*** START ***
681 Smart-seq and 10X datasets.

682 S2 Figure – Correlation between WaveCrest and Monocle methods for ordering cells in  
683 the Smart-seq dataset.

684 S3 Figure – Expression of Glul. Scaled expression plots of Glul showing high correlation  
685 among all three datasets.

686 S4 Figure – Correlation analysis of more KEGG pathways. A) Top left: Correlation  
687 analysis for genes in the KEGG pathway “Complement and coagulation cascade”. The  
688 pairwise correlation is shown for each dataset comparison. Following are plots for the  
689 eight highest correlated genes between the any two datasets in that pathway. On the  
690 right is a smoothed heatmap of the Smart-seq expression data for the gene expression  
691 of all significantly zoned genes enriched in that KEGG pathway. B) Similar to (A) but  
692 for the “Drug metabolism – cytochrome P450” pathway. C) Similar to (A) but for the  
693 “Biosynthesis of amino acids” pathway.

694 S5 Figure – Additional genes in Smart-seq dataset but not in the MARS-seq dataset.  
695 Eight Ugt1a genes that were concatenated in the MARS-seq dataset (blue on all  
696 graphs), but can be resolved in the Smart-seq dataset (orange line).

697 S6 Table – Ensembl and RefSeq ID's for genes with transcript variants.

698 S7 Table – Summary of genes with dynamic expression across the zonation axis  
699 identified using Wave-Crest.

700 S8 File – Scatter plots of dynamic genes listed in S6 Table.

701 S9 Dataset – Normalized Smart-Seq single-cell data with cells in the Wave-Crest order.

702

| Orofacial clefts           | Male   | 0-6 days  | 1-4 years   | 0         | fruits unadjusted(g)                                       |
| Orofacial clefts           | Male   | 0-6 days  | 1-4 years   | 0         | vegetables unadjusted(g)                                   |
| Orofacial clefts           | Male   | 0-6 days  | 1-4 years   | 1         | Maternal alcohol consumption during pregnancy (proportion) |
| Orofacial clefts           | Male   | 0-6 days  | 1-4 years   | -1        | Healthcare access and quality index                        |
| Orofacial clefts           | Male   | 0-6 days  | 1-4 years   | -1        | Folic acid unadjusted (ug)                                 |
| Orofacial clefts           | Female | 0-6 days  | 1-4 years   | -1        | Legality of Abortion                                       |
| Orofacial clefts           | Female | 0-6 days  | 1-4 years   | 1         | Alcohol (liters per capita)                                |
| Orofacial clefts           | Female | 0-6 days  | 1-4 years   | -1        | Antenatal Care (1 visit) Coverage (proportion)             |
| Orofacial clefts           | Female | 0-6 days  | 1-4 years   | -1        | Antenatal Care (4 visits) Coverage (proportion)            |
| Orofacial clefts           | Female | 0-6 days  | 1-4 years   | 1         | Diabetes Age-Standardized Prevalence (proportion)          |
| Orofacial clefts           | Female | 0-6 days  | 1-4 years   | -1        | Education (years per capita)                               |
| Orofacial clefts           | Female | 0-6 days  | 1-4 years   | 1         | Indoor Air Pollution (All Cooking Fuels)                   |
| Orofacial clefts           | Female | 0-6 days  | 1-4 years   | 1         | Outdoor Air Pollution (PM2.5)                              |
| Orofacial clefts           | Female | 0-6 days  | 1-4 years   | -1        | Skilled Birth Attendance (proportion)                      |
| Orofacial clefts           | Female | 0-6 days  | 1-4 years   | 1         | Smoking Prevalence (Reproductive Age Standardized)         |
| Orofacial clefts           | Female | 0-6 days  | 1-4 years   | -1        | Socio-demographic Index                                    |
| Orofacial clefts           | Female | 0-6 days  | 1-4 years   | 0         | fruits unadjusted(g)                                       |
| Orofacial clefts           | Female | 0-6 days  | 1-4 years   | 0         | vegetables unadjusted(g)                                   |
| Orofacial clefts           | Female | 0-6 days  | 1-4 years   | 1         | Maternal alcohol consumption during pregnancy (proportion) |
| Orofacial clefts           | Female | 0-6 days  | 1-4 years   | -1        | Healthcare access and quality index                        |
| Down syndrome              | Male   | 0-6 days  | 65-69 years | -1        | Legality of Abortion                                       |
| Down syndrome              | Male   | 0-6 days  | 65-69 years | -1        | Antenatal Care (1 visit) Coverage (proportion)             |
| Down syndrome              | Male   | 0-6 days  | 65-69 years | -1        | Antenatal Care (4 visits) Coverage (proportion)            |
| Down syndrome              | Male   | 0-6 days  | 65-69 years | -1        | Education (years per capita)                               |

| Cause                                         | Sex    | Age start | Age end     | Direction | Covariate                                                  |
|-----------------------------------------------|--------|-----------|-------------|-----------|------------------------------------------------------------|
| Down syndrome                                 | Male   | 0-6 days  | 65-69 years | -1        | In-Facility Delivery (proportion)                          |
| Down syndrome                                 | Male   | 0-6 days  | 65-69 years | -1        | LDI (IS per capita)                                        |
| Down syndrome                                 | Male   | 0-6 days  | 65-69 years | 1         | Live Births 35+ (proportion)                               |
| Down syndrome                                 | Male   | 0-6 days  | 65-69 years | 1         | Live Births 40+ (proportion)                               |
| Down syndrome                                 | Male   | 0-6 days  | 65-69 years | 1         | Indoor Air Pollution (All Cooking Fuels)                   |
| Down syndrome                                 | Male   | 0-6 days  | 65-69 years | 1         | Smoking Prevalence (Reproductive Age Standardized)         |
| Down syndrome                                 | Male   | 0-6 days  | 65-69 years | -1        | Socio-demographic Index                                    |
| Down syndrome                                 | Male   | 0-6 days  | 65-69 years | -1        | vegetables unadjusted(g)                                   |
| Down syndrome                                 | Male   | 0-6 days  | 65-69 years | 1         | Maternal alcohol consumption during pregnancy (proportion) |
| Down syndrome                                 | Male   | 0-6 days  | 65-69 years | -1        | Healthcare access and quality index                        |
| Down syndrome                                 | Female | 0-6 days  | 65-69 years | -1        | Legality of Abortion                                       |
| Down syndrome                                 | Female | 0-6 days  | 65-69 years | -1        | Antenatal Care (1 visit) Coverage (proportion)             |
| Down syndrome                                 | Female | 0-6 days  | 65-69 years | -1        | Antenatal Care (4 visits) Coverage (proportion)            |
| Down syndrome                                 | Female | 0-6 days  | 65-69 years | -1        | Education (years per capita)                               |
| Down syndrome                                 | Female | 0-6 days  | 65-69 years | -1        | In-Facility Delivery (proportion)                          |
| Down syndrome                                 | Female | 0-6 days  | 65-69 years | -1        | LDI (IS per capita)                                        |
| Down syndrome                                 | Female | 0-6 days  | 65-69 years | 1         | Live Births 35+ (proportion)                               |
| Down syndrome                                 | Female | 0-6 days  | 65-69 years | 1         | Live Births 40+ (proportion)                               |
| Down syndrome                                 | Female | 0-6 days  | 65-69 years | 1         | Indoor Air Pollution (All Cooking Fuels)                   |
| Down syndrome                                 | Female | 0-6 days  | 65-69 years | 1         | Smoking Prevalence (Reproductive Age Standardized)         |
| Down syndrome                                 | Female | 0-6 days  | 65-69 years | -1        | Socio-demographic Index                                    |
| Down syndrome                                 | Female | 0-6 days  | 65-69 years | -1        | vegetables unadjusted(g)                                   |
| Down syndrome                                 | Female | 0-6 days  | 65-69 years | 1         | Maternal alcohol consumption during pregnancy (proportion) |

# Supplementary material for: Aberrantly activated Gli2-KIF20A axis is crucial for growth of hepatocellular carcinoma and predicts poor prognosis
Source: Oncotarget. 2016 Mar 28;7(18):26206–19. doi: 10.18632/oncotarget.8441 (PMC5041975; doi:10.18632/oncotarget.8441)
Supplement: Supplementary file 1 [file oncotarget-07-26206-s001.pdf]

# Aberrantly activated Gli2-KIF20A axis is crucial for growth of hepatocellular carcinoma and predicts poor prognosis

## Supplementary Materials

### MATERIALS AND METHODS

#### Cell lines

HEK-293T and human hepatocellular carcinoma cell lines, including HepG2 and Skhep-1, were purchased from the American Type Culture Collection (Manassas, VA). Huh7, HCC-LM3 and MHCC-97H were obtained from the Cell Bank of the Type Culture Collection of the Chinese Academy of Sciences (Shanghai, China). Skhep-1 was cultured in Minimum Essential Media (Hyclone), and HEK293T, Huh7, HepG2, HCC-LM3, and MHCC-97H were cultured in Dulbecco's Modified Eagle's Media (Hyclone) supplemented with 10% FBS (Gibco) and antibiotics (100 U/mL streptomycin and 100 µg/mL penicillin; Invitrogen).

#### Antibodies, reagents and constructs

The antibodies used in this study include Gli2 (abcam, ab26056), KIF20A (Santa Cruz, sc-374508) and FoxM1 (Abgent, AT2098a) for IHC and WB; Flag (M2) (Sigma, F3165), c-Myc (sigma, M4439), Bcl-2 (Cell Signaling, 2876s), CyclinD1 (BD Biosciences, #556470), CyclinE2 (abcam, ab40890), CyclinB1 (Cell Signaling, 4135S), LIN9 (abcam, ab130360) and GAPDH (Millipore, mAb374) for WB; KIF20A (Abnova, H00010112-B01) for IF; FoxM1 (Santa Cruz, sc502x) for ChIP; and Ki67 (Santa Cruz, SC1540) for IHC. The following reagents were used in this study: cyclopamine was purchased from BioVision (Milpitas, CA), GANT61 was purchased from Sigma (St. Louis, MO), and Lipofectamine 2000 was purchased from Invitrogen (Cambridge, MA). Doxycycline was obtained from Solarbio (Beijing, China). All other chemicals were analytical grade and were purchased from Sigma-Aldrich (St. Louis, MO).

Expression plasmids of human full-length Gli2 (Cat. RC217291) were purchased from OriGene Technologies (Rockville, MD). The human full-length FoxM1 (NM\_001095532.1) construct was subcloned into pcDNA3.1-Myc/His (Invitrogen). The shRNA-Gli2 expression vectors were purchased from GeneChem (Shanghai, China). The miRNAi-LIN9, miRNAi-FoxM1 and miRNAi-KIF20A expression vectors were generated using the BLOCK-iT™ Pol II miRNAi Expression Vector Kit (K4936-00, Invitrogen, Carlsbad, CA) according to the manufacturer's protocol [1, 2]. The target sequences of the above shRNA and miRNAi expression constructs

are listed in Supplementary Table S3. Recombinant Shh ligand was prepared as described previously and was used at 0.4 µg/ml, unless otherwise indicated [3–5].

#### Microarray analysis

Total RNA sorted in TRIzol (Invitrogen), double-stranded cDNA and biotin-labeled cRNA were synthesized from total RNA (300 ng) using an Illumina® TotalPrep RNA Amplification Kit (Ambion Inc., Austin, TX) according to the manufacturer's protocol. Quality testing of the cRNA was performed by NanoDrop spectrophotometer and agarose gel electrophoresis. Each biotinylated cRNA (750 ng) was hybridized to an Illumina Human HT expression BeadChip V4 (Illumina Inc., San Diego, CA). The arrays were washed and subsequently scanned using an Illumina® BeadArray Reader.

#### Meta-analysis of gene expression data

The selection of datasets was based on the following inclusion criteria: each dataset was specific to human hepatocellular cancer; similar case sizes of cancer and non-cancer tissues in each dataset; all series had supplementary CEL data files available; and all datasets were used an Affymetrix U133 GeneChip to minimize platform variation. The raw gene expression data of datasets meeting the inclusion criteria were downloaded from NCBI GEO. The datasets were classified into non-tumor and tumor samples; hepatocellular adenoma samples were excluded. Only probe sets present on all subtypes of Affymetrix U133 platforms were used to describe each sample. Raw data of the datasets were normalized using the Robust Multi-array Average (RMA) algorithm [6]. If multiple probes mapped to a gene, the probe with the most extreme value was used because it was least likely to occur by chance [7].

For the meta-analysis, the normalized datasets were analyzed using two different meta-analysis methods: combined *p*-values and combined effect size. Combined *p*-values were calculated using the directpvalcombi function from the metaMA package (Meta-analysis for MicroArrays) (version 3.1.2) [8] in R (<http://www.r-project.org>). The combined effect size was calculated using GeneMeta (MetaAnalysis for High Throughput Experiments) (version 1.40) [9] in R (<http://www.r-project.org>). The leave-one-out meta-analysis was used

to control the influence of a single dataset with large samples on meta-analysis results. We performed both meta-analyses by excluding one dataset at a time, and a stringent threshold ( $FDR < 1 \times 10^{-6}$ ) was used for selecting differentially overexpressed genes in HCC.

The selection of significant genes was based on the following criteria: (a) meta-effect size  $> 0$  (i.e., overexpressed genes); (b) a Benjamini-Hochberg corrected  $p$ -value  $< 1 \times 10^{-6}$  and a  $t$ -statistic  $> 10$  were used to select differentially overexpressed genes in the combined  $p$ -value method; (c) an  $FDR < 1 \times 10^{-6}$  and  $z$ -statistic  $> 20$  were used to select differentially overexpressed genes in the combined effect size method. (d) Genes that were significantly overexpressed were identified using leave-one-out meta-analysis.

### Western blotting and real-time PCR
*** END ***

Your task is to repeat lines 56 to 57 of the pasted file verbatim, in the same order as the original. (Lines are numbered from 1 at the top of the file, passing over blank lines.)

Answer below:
| Down syndrome                                 | Male   | 0-6 days  | 65-69 years | -1        | vegetables unadjusted(g)                                   |
| Down syndrome                                 | Male   | 0-6 days  | 65-69 years | 1         | Maternal alcohol consumption during pregnancy (proportion) |